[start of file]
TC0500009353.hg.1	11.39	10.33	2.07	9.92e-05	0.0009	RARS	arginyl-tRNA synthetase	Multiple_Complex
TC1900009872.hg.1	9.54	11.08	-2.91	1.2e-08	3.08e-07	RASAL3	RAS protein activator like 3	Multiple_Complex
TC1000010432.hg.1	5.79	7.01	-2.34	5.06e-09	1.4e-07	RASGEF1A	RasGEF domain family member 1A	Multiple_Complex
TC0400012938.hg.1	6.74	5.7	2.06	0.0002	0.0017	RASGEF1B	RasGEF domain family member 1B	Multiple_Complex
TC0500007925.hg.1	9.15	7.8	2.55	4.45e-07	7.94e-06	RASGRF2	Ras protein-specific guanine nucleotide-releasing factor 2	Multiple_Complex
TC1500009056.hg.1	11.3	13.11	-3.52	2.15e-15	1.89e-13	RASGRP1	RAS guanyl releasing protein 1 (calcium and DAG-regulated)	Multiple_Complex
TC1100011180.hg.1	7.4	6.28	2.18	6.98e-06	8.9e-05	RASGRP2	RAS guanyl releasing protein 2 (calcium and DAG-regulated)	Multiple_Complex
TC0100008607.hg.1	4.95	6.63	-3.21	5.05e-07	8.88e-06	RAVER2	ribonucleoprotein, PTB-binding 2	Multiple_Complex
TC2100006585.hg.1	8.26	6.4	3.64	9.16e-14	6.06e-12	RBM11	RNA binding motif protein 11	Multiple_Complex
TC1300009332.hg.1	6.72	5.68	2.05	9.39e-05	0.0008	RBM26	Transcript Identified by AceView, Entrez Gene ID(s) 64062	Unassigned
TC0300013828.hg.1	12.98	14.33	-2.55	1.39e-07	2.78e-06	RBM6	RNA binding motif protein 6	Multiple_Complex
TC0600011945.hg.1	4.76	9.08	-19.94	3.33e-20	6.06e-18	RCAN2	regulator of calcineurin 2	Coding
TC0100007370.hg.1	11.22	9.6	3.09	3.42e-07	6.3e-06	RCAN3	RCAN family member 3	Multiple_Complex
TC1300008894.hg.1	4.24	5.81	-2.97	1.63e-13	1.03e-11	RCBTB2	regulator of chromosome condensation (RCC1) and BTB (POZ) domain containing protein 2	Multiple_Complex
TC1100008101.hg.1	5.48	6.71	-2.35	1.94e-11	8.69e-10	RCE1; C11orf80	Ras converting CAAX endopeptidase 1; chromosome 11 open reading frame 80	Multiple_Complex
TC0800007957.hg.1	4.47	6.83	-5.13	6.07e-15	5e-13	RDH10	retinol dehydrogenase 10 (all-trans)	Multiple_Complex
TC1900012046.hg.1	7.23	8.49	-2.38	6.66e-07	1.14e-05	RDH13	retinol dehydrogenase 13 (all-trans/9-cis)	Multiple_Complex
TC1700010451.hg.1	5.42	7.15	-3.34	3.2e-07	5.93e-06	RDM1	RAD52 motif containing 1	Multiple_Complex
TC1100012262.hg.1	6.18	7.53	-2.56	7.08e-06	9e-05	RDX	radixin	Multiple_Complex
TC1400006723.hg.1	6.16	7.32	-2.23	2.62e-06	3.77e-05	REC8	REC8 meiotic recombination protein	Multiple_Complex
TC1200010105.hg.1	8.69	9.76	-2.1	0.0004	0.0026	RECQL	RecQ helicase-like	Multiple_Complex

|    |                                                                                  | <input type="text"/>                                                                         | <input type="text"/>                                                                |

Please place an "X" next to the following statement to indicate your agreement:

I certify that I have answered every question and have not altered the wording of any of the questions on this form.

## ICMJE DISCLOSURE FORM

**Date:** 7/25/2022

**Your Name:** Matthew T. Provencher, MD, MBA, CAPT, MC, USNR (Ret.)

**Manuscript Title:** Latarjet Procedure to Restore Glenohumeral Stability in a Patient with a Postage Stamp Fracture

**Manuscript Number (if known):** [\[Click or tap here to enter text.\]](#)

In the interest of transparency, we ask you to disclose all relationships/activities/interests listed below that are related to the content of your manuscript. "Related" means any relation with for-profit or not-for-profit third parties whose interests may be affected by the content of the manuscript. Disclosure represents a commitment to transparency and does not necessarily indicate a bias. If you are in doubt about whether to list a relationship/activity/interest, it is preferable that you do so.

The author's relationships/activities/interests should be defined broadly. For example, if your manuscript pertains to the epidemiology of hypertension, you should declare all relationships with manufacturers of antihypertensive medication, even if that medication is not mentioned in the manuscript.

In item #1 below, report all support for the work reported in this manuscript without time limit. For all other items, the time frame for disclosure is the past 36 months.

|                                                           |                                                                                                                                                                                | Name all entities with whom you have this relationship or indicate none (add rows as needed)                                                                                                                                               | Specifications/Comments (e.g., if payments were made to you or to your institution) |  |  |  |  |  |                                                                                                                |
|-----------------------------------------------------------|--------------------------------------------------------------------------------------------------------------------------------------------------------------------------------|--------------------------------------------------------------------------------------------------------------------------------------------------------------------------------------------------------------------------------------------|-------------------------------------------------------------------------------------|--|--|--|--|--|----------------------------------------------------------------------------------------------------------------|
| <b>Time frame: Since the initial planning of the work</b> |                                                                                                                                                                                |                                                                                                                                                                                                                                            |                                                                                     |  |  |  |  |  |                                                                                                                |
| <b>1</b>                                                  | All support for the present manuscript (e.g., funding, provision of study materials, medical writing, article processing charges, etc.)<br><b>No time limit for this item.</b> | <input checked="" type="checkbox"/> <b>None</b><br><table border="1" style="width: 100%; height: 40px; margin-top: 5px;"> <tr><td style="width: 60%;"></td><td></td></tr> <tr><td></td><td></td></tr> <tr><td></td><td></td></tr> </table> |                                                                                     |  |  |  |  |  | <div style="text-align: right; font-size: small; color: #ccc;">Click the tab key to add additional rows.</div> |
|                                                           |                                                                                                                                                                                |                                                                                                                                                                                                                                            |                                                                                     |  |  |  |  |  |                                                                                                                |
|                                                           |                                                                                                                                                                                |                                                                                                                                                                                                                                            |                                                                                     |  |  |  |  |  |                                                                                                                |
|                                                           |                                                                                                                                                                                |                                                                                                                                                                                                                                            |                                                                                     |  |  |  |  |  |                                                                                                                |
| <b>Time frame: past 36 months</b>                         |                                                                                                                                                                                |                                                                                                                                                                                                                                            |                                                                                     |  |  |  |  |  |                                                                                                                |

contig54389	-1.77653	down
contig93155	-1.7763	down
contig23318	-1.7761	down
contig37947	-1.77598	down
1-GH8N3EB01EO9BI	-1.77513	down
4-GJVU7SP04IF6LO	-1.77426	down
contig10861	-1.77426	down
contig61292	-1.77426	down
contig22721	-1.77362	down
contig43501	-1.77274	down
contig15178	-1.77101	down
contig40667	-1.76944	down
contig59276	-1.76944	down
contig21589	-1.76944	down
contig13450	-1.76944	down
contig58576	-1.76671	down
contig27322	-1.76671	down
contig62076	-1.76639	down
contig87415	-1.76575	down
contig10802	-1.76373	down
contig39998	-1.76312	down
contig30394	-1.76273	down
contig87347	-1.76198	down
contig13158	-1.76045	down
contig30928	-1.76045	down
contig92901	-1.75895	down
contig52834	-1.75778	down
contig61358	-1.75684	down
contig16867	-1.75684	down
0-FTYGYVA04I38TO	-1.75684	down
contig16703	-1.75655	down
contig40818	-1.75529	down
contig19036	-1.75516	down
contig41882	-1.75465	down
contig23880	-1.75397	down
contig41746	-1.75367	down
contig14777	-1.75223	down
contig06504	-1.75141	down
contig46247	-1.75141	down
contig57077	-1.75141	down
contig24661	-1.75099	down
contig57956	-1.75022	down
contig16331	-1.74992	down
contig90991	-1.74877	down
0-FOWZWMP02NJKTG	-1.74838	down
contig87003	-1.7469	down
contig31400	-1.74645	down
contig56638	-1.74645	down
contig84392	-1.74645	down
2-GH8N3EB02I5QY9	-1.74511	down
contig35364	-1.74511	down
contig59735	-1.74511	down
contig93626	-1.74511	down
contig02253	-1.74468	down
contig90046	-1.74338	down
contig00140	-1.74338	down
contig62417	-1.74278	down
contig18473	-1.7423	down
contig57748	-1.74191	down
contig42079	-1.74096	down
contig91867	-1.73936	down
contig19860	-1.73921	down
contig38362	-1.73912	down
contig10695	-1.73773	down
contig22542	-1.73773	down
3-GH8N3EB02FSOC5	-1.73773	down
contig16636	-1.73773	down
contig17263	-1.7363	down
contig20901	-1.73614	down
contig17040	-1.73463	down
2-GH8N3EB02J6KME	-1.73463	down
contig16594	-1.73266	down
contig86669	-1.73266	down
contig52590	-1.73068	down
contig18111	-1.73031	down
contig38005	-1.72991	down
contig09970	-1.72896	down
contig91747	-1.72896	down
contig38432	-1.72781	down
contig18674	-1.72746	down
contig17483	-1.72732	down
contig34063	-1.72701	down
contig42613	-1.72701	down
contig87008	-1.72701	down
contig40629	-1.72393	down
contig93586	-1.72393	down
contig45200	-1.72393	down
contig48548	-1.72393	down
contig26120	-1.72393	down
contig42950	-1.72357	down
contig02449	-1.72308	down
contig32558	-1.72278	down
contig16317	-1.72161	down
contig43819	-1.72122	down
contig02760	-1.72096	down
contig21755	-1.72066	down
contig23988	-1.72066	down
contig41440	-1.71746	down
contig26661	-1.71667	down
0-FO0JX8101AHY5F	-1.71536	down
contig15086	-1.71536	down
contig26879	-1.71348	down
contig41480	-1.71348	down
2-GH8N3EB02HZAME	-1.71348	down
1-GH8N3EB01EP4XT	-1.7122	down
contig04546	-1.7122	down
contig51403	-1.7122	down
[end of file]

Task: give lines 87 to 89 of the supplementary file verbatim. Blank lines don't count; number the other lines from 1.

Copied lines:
contig31400	-1.74645	down
contig56638	-1.74645	down
contig84392	-1.74645	down